Rates of Skin Cancer Higher Among Athletes

j0438322Maybe it’s because they’re training outdoors regularly, or wearing shorts and tees during a game, but whatever the case may be, the latest issue of Sports Health points out that athletes are more susceptible to developing skin cancer.

Researchers of the study confirmed that athletes are “at an increased risk of sunburn because of their training schedules and conditions, with obviously those individuals who compete in summer sports being at significantly increased exposure.” (Source: MedicalNewsToday.com)

Athletes who are involved with summer training and events are considered to be at a greater risk for developing skin cancer because they can develop sunburn after just a few minutes of high-intensity UV exposure under certain conditions. Even winter sports enthusiasts – skiers, snowboarders, and snowshoers – can get sunburn because the powerful sun rays reflect off the snow and are absorbed into the skin.

In order to offset their risk, athletes must wear sunscreen whenever they are outdoors – whether there is sunshine in the forecast or not – and wear protective clothing. Training indoors can significantly reduce the risk of sunburn and certain types of skin cancers, so it is in the athlete’s best interest to complete their workouts and routines off the field whenever possible.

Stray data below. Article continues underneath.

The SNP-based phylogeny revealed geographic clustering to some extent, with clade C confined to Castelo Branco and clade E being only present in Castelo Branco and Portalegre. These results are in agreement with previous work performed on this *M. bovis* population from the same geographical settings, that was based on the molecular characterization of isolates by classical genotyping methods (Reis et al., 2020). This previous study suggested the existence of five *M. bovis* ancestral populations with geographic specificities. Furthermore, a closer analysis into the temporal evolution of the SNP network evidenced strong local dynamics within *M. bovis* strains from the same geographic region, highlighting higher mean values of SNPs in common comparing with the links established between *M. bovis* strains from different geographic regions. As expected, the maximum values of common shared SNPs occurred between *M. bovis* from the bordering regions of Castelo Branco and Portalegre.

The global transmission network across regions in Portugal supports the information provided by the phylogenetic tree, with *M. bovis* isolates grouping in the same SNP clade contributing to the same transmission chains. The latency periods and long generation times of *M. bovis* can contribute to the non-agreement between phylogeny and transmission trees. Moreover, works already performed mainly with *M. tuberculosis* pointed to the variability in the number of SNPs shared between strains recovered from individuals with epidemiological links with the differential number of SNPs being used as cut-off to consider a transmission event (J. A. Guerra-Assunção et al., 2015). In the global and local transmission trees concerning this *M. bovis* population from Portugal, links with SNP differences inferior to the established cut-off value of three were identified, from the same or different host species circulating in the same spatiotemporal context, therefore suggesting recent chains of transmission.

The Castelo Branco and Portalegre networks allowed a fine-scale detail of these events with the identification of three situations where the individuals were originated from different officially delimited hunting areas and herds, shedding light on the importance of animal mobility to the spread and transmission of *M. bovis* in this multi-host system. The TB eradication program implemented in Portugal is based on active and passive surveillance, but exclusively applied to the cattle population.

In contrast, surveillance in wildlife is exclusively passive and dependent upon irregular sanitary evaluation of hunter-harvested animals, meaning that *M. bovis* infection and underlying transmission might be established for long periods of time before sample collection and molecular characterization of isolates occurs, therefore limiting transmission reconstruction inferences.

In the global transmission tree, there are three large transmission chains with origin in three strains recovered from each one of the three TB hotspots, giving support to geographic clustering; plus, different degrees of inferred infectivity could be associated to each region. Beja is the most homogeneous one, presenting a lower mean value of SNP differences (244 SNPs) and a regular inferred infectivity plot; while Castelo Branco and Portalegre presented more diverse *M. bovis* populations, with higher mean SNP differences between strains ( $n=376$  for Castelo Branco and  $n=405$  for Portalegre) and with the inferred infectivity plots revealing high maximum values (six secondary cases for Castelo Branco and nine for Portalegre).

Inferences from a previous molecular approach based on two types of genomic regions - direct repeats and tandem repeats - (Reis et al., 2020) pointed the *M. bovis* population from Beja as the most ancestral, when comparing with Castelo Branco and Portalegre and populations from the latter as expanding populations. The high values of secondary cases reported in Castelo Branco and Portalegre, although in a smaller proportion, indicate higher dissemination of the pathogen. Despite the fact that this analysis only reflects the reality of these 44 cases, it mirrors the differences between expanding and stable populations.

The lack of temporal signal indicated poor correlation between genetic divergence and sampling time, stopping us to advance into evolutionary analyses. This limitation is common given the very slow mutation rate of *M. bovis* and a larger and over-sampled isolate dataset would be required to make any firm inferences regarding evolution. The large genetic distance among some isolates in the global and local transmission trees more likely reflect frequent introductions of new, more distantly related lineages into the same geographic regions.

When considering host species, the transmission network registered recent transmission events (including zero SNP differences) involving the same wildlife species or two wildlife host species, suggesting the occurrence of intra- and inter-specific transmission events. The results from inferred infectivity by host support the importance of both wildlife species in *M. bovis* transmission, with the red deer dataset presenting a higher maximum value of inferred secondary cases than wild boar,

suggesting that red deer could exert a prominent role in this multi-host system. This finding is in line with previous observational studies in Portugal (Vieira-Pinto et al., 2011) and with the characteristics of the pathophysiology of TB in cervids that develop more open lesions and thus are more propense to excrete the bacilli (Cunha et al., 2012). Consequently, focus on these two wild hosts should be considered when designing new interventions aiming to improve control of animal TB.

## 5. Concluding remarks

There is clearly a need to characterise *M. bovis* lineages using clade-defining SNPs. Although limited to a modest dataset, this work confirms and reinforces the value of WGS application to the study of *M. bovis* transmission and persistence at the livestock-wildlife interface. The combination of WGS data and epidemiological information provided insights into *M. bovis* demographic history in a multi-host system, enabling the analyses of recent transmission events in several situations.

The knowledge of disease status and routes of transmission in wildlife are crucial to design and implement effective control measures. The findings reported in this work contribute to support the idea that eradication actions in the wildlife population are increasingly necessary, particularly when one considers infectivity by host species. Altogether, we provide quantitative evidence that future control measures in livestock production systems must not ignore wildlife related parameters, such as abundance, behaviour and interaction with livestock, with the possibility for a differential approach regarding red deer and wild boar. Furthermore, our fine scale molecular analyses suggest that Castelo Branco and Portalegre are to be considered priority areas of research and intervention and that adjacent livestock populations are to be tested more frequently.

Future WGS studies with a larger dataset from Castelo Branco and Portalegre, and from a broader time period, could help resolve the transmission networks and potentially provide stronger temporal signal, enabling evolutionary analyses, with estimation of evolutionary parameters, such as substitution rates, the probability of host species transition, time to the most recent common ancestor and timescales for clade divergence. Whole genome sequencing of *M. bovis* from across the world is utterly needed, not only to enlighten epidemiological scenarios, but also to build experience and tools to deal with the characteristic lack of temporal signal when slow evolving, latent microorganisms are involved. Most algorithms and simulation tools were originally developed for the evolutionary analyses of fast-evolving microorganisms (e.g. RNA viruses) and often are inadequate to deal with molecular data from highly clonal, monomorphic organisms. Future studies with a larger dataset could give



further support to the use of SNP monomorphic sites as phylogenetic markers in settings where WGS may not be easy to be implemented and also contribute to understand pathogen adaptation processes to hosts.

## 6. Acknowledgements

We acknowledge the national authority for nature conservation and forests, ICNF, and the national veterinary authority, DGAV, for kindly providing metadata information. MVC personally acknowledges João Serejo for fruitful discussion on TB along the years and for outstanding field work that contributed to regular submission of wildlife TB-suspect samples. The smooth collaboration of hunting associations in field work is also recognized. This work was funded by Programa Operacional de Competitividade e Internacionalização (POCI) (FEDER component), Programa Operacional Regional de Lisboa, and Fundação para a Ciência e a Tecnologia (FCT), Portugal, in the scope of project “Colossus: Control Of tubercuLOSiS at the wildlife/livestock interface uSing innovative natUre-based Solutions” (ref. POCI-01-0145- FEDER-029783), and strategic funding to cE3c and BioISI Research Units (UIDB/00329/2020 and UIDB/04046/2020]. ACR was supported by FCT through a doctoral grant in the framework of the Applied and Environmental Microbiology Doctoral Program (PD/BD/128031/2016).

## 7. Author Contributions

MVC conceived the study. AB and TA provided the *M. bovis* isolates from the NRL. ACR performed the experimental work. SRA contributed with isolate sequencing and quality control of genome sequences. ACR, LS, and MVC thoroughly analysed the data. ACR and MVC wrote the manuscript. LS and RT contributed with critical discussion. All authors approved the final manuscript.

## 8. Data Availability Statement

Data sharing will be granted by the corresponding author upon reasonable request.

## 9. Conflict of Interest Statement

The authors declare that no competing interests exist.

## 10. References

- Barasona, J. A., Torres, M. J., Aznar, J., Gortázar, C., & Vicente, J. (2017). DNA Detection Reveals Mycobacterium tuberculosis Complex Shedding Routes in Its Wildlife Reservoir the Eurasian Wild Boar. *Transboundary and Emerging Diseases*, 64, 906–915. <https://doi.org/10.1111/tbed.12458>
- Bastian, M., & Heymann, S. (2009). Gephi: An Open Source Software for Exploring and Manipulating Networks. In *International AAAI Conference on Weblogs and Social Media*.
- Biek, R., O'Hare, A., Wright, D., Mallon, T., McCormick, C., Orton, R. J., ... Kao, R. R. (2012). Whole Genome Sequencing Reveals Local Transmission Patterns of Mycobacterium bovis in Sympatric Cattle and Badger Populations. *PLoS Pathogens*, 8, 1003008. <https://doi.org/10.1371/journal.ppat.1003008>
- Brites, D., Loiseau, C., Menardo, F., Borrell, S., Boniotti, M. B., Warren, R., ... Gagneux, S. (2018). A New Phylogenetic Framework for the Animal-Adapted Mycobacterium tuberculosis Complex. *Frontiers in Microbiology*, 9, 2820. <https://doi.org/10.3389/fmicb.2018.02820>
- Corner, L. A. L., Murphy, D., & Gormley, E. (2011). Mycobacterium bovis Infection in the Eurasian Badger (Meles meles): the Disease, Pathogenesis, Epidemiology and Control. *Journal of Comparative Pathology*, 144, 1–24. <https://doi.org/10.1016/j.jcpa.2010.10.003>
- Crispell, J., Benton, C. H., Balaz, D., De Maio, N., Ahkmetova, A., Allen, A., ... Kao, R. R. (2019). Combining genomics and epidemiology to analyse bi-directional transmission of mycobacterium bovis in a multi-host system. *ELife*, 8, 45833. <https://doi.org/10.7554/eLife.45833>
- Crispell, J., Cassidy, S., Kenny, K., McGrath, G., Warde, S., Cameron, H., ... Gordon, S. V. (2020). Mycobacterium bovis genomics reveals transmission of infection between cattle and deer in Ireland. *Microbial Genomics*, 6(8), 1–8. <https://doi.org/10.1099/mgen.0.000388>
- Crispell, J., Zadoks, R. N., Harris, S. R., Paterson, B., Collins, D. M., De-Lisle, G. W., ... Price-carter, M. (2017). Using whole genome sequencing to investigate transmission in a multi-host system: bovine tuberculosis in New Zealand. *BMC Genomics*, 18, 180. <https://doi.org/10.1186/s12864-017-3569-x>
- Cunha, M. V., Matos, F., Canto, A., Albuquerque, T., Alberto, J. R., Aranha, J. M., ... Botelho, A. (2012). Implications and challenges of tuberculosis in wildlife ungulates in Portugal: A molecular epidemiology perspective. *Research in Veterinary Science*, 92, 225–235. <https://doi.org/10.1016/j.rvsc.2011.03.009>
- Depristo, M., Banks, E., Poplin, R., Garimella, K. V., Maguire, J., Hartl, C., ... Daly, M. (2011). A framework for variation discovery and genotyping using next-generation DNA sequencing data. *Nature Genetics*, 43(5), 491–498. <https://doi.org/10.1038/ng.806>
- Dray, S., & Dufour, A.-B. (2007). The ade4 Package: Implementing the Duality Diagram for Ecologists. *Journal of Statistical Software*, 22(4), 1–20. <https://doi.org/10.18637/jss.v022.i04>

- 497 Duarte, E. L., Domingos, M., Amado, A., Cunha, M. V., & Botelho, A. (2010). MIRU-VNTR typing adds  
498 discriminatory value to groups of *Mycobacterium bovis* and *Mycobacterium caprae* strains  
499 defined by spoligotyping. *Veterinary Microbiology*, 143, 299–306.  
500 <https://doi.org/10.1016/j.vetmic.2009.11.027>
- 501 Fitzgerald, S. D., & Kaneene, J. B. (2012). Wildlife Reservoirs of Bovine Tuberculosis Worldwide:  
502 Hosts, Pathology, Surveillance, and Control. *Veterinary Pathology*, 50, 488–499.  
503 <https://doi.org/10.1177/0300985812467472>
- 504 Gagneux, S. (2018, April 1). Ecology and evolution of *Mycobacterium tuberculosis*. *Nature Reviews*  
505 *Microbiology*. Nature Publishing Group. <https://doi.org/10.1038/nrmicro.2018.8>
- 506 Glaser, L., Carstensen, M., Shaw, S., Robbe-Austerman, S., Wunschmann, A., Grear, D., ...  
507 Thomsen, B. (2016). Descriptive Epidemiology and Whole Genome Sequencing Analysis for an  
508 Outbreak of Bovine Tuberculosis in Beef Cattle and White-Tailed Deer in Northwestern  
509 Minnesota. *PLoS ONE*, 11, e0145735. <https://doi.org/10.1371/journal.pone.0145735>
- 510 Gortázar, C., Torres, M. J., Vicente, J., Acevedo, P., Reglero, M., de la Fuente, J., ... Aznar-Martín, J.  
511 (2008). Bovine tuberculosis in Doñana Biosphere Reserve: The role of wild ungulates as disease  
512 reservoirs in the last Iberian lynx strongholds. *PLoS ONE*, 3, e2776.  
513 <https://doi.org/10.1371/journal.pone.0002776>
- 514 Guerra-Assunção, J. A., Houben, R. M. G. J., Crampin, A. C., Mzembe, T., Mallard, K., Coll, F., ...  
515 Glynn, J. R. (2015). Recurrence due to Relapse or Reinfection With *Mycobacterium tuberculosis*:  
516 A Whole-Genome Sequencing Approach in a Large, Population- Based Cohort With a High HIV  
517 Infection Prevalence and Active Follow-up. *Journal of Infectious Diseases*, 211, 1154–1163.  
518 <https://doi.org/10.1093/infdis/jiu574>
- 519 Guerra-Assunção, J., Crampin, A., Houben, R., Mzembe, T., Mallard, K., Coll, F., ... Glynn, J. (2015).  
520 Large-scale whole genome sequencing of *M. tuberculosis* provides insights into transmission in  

Since most athletes will sweat away any products that are put on the skin after a vigorous training routine, it’s also a good idea to reapply sunscreen at various intervals throughout the day, and to select a waterproof version so that the sunscreen does not dissolve so easily. Wearing full-sleeved, moisture-wicking shirts and pants is also recommended so that bare skin is not constantly exposed to the sun. Some of today’s leading sports clothing manufacturers also produce UV-protecting hats, capri pants and workout pants for those who want another layer of sun protection when they’re outdoors.

Further Reading

  • If you’re one of the many people who head to the beach with plenty of sunscreen and a beach umbrella, you may still need to take extra steps to ward off harmful UV rays. According to a recent study published in the Photochemistry and Photobiology journals, beach umbrellas block out only about 70 percent of UV rays.

  • Mohs surgery has been proven effective for reducing facial scarring after skin cancer surgery, and is quickly becoming the preferred surgery of choice at several cosmetic surgery and dermatology offices around the United States.

  • A new study carried out by the Institute of Cancer Research and published in the Cancer Research journal shows that a genetic mutation found in some forms of malignant melanoma can initiate the development of the deadliest form of skin cancer. The KRAS gene is mutated in approximately two per cent of malignant melanomas, and is the study is the first of its kind to show that damage to this gene can be the first in a process of events that trigger malignant melanoma.